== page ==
81943 - Complex Systems & Network Science

Academic Year 2023/2024

Learning outcomes

At the end of the course, the student will have acquired the basic notions of complexity and network sciences and will be able to identify, formulate, model and analyze new problems that arise in modern computing systems that can be studied using them.

Course contents

Description: Modern information systems and services often rely on large numbers of independent interacting components to provide their functions. Under certain conditions, the behavior that results from these interactions can be unexpected and surprising. Complexity Science is an interdisciplinary field for studying global behaviors resulting from many simple local interactions in an effort to characterize and control them. Networks allow us to formalize the structure of interactions. They play a central role in the transmission of information, transportation of goods, spread of diseases, diffusion of innovation, formation of opinions and adoption of new technologies. Network Science is an interdisciplinary field for studying the interconnectedness of modern life by exploring fundamental properties that govern the structure and dynamic evolution of networks.

Contents: Complex systems: definitions, methodologies; Dynamical systems, Nonlinear dynamics; Chaos, Bifurcations and Feigenbaum constant, Predictability, Randomness and Chaos; Models of complex systems, Cellular automata, Wolfram's classification, Game of life; Autonomous agents, Flocking, Schooling, Synchronization, Formation creation; Cooperation and Competition, Game theory basics, Nash equilibrium; Game theory: Prisoner's Dilemma, Coordination games, Mixed strategy games; Adaptation, Evolution, Genetic algorithms, Evolutionary games; Network Science: Definitions and examples; Graph theory, Basic concepts and definitions; Diameter, Path length, Clustering, Centrality metrics; Structure of real networks, Degree distribution, Power-laws, Popularity; Models of network formation; The Erdos-Renyi random model; Clustered models; Models of network growth, Preferential attachment; Small-world networks, Network navigation; Peer-to-peer systems and overlay networks; Structured overlays, DHTs, Key-based routing, Chord; Distributed network formation: Newscast, Cyclon, T-Man; Processes on networks: Aggregation; Rational dynamics: Cooperation in selfish environments, Homophily, Segregation; Diffusion, Percolation, Tipping points, Peer-effects, Cascades.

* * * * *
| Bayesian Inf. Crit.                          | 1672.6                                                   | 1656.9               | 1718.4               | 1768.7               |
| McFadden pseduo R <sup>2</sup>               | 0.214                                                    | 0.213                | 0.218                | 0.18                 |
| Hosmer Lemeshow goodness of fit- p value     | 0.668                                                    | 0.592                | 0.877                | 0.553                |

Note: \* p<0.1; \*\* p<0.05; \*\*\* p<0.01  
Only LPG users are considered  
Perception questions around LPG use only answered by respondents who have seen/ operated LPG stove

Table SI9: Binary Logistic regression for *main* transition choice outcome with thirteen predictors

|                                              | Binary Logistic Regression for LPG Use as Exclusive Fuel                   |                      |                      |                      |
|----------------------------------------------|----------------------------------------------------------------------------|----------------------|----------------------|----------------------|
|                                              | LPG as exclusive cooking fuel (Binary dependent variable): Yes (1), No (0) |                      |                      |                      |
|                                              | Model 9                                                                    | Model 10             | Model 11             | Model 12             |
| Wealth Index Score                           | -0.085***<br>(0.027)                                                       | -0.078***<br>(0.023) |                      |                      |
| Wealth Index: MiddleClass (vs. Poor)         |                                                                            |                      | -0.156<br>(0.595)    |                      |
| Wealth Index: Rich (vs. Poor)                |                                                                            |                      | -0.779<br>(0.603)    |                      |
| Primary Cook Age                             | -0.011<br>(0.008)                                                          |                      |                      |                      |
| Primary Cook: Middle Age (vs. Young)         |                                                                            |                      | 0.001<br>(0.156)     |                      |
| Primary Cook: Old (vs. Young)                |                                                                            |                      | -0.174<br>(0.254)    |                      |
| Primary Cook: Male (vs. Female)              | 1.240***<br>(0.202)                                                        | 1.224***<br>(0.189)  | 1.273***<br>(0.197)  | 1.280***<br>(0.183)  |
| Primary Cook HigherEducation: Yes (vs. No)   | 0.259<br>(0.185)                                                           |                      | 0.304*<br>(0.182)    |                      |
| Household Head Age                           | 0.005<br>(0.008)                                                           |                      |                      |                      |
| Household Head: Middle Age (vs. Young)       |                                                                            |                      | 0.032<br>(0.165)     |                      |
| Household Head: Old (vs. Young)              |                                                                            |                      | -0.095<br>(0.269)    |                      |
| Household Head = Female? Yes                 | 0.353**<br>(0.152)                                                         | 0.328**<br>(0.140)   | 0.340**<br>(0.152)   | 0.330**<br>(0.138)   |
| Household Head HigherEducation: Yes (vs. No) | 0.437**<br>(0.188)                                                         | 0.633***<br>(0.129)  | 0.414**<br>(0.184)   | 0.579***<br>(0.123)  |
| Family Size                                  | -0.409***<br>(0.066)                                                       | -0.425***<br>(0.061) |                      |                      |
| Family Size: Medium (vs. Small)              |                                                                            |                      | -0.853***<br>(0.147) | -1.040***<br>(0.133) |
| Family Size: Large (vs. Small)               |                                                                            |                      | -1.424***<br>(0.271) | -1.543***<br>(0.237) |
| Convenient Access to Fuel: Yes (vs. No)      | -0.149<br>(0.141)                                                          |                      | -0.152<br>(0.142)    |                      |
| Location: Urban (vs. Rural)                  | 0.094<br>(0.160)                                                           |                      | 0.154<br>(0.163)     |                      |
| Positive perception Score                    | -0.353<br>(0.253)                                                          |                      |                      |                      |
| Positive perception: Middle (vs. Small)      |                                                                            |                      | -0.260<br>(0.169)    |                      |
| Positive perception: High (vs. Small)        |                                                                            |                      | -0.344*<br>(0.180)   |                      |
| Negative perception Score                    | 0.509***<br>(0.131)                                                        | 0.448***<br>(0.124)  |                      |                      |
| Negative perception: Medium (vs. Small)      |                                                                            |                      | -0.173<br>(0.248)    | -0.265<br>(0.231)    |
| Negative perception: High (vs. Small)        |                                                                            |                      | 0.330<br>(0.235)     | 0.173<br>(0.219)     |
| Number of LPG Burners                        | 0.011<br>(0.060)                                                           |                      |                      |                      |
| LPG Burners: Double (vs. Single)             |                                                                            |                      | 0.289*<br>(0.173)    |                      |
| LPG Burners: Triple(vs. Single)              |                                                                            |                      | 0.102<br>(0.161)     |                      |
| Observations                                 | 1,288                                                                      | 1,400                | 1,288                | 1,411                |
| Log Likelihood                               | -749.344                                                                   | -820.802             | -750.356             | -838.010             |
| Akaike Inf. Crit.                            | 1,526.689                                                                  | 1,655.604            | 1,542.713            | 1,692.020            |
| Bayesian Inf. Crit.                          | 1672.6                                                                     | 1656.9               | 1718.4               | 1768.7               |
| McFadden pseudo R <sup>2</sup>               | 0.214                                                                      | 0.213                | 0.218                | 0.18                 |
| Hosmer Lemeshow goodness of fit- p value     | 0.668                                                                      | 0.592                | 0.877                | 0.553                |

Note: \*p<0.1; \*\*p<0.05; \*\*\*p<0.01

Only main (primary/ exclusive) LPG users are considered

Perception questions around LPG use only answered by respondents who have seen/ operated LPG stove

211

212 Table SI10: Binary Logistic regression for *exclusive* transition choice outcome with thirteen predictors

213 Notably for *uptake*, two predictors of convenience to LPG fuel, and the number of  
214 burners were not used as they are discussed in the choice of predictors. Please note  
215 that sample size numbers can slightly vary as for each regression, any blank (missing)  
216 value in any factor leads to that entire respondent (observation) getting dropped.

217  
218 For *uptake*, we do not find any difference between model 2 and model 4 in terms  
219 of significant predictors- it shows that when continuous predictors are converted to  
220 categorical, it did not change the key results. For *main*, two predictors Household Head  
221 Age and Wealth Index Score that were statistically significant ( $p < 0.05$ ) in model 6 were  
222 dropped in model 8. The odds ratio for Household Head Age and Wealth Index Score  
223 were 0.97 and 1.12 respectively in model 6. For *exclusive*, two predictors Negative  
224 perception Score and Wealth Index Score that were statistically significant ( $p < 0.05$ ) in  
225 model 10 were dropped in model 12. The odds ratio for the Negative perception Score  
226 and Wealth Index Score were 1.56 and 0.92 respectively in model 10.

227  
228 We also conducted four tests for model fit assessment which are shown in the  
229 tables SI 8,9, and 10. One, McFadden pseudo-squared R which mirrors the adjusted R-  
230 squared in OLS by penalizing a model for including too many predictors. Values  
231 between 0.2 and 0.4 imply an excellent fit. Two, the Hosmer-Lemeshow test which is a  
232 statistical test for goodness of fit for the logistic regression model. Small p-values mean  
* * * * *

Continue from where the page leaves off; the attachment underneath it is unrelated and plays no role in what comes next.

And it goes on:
Prerequisites: Basic notions of computer system architecture, computer networks, operating systems, and probability theory.


  1. Networks, Crowds, and Markets: Reasoning about a Highly Connected World, D. Easley, J. Kleinberg. Cambridge University Press, 2010.
  2. Graph Theory and Complex Networks: An Introduction, M. van Steen. 2010.
  3. The Computational Beauty of Nature, G. W. Flake. MIT Press, Cambridge MA. 2000
  4. Complex Adaptive Systems: An Introduction to Computational Models of Social Life, J. H. Miller, S. E. Page. Princeton University Press, 2007.

Teaching methods

The course will be delivered in classroom with students attending lectures exclusively in person.

Assessment methods

Evaluation will be through the development of a project and an oral exam. The project aims to evaluate the student's basic understanding and practical skills. The oral exam consists of the student presenting a research paper and discussing how it relates to the topics covered in the course.

Teaching tools

Teaching material: Copies of slides used during certain lectures will be made available for downloading and printing through the course web site before each lecture.

Links to further information


Office hours

See the website of Ozalp Babaoglu